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January 2016

Friday Happy Hour: Attack of the Jo Bros Edition

Fox News held the 469th GOP Presidential debate Thursday night, but one of the merry pranksters was conspicuous in his absence: one Donald J. Trump, whom you may have come to Jonas-brothers-the-jonas-brothers-18621061-2560-1921know in the past few months. Oddly enough, for a slate of candidates who do nothing but complain about Trump’s media monopolization, none of them could stop talking about him for five stinkin’ minutes on the stage last night.  Great job, team.

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No Savesies Edition

By the time you read this, winter storm Jonas (at least that’s what the rock band Weezer calls it) may have covered your house, knocked out your power and stolen your babies.  Governor Wolf has declared a state of emergency for the Commonwealth, much of which sits in the path of the latest Snowmageddon event.  All jokes aside, be safe out there and check in on your elderly neighbors from time to time.    

The impending winter doom has caused the state Democratic Party to cancel its annual meeting, meaning there should be plenty of rooms in Hershey-area hotels should you be so inclined to strap on the snow shoes and head on out to the Sweetest Place on Earth.

The Philadelphia Police this week channeled their inner Drake to remind people not to put large objects (i.e. lawn chairs, orange cones, garbage cans, other family members) into No saviesfreshly-shoveled parking spaces.  No savesies, people. You used to call us on our cell phones, now we suggest you dispense with that nonsense and just call the police.  

Our indomitable friends at Lyft, however, intend to remain at your service (if they can) if you happen to be stranded in the City of Brotherly Love at any point this weekend.  Keep in mind, however, that even the best Lyft drivers cannot traverse two feet of snow, so temper your expectations a bit.  

Speaking of Lyft, the chorus of supporters who favor statewide, permanent legalization of ride-sharing is starting to swell.  The General Assembly (more to the point, the State House) now holds the keys to that particular kingdom after the State Senate acted late last year.  So yeah, let’s get a move on, people. The 21st century is here.  

If you thought that the upcoming Primary Elections season might put a damper on any potential tax votes in the General Assembly, we tend to agree with you.  At least our own Michael Manzo agrees with you, as you can read here in the Pittsburgh Post-Gazette.  After the Primaries?  Well, now that might just be a whole different story!  

While funds begin to trickle out of the Governor’s budget office as a result of his signature (and heavy blue-lining) of the state budget, college kids slated to receive PHEAA grants have reason to rejoice as they look to be next in line to be made somewhat whole. Funds for their respective state universities and colleges, however, remain very much locked in the drawer, as we mentioned last week.  So it is truly a good news/bad news issue.  Many kids can now to a college that may not be open when they get there.

The Department of Corrections funding stream is about to dip below “E’, we learned this week, and the State Senate is already making strides to send a supplemental funding bill to the governor.  Lack of funding will not mean that the state’s 50,000 or so prisoners will be in your neighborhood anytime soon, so no need to worry, despite what one might think when one hears that the prison system is out of cash.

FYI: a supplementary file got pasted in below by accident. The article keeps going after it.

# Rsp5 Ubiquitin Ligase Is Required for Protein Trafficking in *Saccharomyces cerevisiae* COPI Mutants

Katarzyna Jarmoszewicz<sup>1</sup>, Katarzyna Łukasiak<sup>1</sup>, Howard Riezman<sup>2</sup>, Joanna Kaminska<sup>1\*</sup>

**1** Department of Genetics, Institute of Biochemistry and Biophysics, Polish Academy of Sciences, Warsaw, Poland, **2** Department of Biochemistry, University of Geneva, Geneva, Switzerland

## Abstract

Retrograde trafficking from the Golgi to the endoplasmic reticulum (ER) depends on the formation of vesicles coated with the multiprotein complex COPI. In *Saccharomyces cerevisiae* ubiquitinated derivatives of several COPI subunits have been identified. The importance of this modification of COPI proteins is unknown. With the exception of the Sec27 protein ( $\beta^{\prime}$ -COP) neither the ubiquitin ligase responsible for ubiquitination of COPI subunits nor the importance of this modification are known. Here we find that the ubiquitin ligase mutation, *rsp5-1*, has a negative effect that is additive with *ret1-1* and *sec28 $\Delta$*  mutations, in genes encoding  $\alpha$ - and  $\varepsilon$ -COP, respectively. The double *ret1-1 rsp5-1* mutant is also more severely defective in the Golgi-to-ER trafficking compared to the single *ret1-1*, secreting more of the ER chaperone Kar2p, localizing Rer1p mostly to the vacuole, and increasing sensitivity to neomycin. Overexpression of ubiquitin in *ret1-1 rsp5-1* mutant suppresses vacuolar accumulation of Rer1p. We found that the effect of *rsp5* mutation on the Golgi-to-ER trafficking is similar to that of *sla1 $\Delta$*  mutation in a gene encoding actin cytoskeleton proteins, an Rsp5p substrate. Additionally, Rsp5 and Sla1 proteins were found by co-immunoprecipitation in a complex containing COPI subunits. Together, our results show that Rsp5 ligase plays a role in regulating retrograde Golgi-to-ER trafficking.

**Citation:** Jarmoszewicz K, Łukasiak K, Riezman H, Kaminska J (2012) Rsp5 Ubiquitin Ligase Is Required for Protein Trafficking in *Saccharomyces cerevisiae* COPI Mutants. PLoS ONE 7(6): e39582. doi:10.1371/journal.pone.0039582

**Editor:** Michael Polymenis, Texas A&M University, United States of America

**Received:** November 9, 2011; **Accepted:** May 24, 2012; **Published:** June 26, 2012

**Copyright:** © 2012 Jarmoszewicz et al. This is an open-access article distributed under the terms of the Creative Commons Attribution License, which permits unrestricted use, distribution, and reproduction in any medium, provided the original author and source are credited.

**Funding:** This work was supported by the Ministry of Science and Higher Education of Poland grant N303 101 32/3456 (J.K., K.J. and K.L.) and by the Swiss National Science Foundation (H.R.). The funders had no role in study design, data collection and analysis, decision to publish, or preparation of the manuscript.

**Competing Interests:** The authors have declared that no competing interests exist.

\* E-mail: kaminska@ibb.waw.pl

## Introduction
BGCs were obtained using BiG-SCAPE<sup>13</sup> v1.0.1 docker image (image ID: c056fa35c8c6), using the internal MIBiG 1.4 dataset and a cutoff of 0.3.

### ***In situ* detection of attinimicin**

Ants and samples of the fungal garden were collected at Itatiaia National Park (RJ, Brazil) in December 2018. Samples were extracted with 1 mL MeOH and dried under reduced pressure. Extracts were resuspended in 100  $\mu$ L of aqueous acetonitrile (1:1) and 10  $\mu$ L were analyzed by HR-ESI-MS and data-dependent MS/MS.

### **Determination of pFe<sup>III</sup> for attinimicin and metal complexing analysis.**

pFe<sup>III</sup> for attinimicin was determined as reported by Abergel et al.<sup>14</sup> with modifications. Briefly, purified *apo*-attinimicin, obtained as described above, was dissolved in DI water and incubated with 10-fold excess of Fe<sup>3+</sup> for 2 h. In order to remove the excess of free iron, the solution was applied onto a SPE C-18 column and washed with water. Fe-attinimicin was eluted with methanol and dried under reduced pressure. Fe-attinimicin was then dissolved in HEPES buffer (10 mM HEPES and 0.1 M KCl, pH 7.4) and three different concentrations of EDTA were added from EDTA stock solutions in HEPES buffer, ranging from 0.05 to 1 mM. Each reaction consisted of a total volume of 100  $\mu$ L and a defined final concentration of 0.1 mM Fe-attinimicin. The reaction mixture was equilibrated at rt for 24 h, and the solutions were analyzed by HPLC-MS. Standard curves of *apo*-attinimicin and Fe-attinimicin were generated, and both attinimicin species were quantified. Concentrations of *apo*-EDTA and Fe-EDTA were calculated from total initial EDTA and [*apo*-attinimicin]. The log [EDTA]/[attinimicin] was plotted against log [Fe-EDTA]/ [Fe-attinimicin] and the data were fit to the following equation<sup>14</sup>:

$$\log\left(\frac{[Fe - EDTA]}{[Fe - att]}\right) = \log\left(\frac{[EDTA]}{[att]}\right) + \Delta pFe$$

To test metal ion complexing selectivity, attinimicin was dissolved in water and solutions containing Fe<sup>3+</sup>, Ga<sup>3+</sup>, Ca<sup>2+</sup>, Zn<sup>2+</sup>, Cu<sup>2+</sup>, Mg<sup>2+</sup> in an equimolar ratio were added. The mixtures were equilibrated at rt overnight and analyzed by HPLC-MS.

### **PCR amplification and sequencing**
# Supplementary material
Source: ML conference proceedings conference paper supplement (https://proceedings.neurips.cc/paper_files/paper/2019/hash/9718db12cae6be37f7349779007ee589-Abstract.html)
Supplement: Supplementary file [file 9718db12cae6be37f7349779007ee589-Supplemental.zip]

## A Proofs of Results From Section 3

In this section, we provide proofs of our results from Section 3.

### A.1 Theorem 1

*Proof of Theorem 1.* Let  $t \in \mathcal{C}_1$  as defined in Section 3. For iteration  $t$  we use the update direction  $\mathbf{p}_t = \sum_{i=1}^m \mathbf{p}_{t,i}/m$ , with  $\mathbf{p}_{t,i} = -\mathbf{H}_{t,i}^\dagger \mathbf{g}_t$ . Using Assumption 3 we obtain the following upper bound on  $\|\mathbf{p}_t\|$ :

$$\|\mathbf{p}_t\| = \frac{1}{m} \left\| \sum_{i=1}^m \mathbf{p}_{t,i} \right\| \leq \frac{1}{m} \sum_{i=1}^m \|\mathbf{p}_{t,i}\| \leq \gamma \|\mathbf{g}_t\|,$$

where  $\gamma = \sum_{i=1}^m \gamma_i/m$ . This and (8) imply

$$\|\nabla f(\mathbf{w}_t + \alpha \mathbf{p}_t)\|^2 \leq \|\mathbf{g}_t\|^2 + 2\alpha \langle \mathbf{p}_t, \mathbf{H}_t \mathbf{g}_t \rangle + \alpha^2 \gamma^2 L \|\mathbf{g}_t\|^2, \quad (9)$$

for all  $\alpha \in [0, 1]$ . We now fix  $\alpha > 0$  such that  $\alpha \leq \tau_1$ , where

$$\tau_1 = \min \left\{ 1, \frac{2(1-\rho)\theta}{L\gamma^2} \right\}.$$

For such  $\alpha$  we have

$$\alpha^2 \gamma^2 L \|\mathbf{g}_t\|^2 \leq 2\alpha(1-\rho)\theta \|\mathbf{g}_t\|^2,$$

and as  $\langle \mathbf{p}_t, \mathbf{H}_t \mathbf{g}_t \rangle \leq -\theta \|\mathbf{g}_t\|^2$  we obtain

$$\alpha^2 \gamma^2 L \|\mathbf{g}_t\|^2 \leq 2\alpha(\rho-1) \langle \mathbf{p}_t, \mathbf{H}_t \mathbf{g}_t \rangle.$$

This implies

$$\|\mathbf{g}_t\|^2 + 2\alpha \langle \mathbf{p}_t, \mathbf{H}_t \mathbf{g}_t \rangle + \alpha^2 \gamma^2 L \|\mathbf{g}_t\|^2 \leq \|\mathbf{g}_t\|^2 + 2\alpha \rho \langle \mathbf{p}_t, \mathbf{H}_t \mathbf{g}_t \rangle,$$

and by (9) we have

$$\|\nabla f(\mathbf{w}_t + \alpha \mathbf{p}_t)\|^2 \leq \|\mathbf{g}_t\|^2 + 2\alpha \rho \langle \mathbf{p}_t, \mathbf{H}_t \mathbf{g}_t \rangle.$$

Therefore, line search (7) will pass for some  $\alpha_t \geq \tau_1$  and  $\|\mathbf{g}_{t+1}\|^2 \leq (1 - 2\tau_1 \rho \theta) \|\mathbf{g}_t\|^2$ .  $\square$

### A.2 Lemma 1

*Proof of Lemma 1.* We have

The State Senate this week also kicked the tires on a few bills that would reduce the size of the legislature. While it is certainly not in our purview to tell you exactly how large or small the General Assembly should be, we would caution you to not raise your expectations.  Trimming a few House or Senate seats is not going to solve the state’s budget woes, folks, despite what you may have read in the comments section of  

The Wolf Administration this week came out in support of a State Senate move to delay the implementation of the state’s Keystone Exams.  The remarkable part of this story has nothing to do with the exams themselves, but instead it is the fact that Governor Wolf and the State Senate actually agree about something.  Détente!  Eh, probably not.

The state’s casino industry posted another record year in 2015 dragging $3.17 billion out of the pot, of which $1.4 billion went to property tax reductions.  If you believe that $1.4 billion in property tax cuts is a paltry amount, we will go ahead and add $1.4 billion to your collective property tax bills next year and see if you notice.

Only one in six wee ones in Pennsylvania is enrolled in a quality pre-K program, we found out this week.  One would think that after two decades of talk about “quality Pre-K” instruction in this state, we could do a hair better than one in six.  We are certainly aware that pre-K instruction can be expensive, but as our father always told us, nothing is more expensive than stupidity.

There was quite a kerfuffle at the latest pipeline task force meeting, as anti-frackers and anti-eminent domain folks turned the normally staid and bureaucratic (read: boring) gathering into a UFC event. For anyone who believes that throwing state money at pipeline construction is going to solve the shale industry’s capacity problem, we encourage folks to read up on how disruptive grassroots actions can be if employed properly.  There may have even been a thing or two written this past week on civil disobedience, if we recall correctly.  

If you were interested in checking out the highs and lows of the first year of the Wolf Administration, check out this piece by  Just don’t read the comments section, as we mentioned previously.   

In our We Can’t Make This Up section this week, the house where the Bill of Rights was drafted was partially demolished this week, largely because very few people know where the Bill of Rights was drafted.  No word yet as to when Donald Trump will vow to rebuild that house bigger and better, perhaps with a casino attached.

That is what passes for news around here, as we stare into the ominous gray skies enveloping the Capital City like a….O.K., enough with the drama.  Just get home safely tonight, everyone, and join us again next week.  From all your friends at Triad, have a great weekend!